Council votes in favor of Jamestown Arts Center
The Town Council gave the go ahead at its Monday night meeting for the town to enter into a purchase and sale agreement with the Jamestown Arts Center for the town-owned property at 44 Southwest Ave.
The council, by a unanimous vote, gave Town Solicitor Peter Ruggiero and Town Administrator Bruce Keiser the authority to sign an agreement with the board of the JAC, with the addendum that the group would close on the property by Dec. 31, 2009.
The original proposal submitted to the Council said that the closing would take place within 30 days of the final approval for all permits, and the issuance of a construction loan or receipt of donations suffi cient for the acquisition of the property. JAC agreed to pay the full $540,000 appraised value of the property, with $440,000 being paid at closing and the balance of the purchase price to be paid to the town over 60 months at 3-percent interest.
Keiser said the agreement represented a "win-win situation for the town and the arts center." The terms, Keiser said, would provide the water fund with adequate funding to meet projections for water fund debt service.
Town Councilman Robert Sutton said he liked the proposal, but he felt the 30-day after permit approval window for closing was too vague to protect the town's interest. "I would like to have a date for the closing," he said. Sutton ultimately agreed with Keiser's suggestion that allowing JAC approximately nine months to work through the planning and permitting process was reasonable.
Councilman William Kelly said he was glad the proposal met the standard of "highest and best use for the property," but cautioned that the current council was only in office until November. "This council is open and willing to work with you, but the council changes in November and that may not be the same with a future council," he said. "I would get your gear in motion and try to have this to us sooner rather than later."
JAC representative Diane Grippi told the council that the board would be working as expediently as possible to move the process along. "The sooner we close, the sooner we can start renovations," she said.
Support for bridge authority
A bill up for discussion in the Rhode Island General Assembly would dissolve the Rhode Island Turnpike and Bridge Authority and turn control of the Newport Claiborne Pell and Mount Hope bridges over to the Rhode Island Department of Transportation, Sutton said.
He sought Town Council approval to convey to Jamestown's state legislators that the town would not support any legislation that takes away RITBA management of the bridges. "RITBA has been a very good neighbor to Jamestown and we need to be aggressive in our support of them," Sutton said.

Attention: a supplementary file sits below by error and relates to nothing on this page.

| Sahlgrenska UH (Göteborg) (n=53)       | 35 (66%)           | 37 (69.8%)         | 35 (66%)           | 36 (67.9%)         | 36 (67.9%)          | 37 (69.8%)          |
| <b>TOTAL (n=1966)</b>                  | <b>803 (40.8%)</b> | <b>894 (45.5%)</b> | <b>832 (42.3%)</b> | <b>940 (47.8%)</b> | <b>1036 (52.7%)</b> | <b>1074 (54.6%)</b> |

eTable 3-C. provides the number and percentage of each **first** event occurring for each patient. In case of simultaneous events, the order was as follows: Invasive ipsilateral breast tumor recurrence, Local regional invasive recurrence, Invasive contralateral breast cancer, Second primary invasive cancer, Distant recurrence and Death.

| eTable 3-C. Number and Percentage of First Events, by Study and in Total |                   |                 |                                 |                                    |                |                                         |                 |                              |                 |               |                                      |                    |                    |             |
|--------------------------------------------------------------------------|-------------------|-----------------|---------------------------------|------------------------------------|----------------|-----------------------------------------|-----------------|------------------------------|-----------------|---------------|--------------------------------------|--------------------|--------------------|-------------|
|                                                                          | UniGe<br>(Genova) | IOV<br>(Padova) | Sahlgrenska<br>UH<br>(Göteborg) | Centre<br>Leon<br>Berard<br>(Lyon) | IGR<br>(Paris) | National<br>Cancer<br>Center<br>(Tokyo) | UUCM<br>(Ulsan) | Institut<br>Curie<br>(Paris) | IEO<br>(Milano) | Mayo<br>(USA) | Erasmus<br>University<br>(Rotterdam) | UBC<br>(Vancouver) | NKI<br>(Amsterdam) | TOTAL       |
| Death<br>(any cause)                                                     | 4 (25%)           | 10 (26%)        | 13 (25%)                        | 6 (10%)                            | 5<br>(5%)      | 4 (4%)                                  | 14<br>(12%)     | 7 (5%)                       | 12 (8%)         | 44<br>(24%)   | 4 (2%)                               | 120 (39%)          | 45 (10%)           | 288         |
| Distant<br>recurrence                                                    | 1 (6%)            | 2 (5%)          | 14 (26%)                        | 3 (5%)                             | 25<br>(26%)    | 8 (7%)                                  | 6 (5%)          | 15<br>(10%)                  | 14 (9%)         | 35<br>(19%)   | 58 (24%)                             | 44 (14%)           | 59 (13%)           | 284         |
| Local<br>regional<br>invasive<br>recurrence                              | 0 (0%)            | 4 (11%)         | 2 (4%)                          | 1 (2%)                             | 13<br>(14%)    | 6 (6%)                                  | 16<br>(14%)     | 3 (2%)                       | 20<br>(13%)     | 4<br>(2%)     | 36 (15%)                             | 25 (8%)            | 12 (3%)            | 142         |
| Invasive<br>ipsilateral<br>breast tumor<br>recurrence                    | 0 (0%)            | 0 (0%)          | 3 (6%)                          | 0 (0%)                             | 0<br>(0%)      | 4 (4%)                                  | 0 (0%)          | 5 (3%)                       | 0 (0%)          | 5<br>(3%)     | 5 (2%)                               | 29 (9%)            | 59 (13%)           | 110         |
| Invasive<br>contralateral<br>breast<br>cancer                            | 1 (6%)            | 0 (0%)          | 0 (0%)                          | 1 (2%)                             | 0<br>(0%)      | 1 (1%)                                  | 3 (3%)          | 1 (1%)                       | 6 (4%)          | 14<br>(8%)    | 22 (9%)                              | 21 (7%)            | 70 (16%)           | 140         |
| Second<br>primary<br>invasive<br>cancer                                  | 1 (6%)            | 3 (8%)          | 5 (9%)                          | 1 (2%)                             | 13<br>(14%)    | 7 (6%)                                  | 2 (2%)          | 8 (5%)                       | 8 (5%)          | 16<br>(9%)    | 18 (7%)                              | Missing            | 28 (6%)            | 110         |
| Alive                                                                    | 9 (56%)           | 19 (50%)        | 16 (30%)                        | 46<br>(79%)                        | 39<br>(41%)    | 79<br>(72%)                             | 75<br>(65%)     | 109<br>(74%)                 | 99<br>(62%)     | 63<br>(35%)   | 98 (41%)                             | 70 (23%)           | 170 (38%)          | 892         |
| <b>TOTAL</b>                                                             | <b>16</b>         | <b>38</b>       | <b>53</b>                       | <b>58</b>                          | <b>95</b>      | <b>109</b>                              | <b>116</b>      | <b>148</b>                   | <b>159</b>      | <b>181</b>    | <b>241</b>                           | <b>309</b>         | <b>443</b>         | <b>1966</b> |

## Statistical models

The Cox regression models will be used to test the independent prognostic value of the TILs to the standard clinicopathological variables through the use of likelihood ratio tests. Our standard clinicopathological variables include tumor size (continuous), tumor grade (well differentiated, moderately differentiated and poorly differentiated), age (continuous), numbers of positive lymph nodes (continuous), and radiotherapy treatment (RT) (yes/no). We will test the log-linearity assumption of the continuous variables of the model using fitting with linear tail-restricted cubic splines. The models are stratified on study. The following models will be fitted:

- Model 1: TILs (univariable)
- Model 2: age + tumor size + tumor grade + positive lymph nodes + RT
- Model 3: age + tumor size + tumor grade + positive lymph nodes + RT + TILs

Kelly voiced his concern that should control of the Newport bridge fall to the state, that the bridge may not be adequately maintained. "I am concerned that the tolls would go into a black hole somewhere in the state and the revenues would not be pumped back into the bridge itself," he said.
Keiser said the town has enjoyed a "superb relationship" with the turnpike authority. "It is much better to have a local presence instead of one that is in Providence," the town administrator said.
The council voted 5 to 0 to send a letter opposing the legislation.
Police station renovations
In his Town Administrator's report, Keiser said that 28 general contractors attended a meeting about the police station renovations and that he was hopeful that there would be competitive bids for the project.
The deadline for bid submission is Tuesday, March 17, and Keiser anticipates awarding the bid at the April 6 Town Council meeting.
In response to a request by the Town Council that he look into the possibility of reducing the frequency of water monitoring at the former landfill, Keiser reported that according to Department of Environmental Management regulations, the tests could not be reduced until the landfill was capped.
The town pays $32,000 each year for quarterly testing and monitoring of the site. Keiser said that two years after the town had capped the landfill and implemented storm water containment, DEM permitted the tests to be performed twice a year saving the town $16,000 per year. The town is at least two years from totally capping the landfill, so Keiser said the option could be explored for the final six years of the mandatory 30-year testing requirement.
Councilors Sutton and Kelly questioned whether, after 16 years of nearly identical quarterly test results, the town could petition DEM for a reduction. Keiser said "it may be worth a phone call to check."
Resident Susan Little said in open forum that there are enough small elevations and inconsistencies in the testing that it is worthwhile for it to be continued on a quarterly basis. "The whole purpose of the testing is to provide early detection if there is a change," she said.
Little suggested the town look at bidding out the testing process in order to save money on the testing instead of just relying on the town's consultant to provide the testing.
In other business, the council:
• Rescheduled Town Council budget workshops for Monday and Tuesday, March 30 and 31.
• Voted 5 to 0 to approve the request by Father William O'Neil of St. Mark Church to waive the user fee for Fort Getty Pavilion for the church's 100th anniversary celebration.
• Voted 5 to 0 to approve the holiday license renewal applications for Lucky Ridge Co. LLC dba: Spinnaker's Café Mobil Unit, Trattoria Simpatico Inc dba: Trattoria Simpatico, and Ace's Pizza Inc. dba: Ace's Pizza.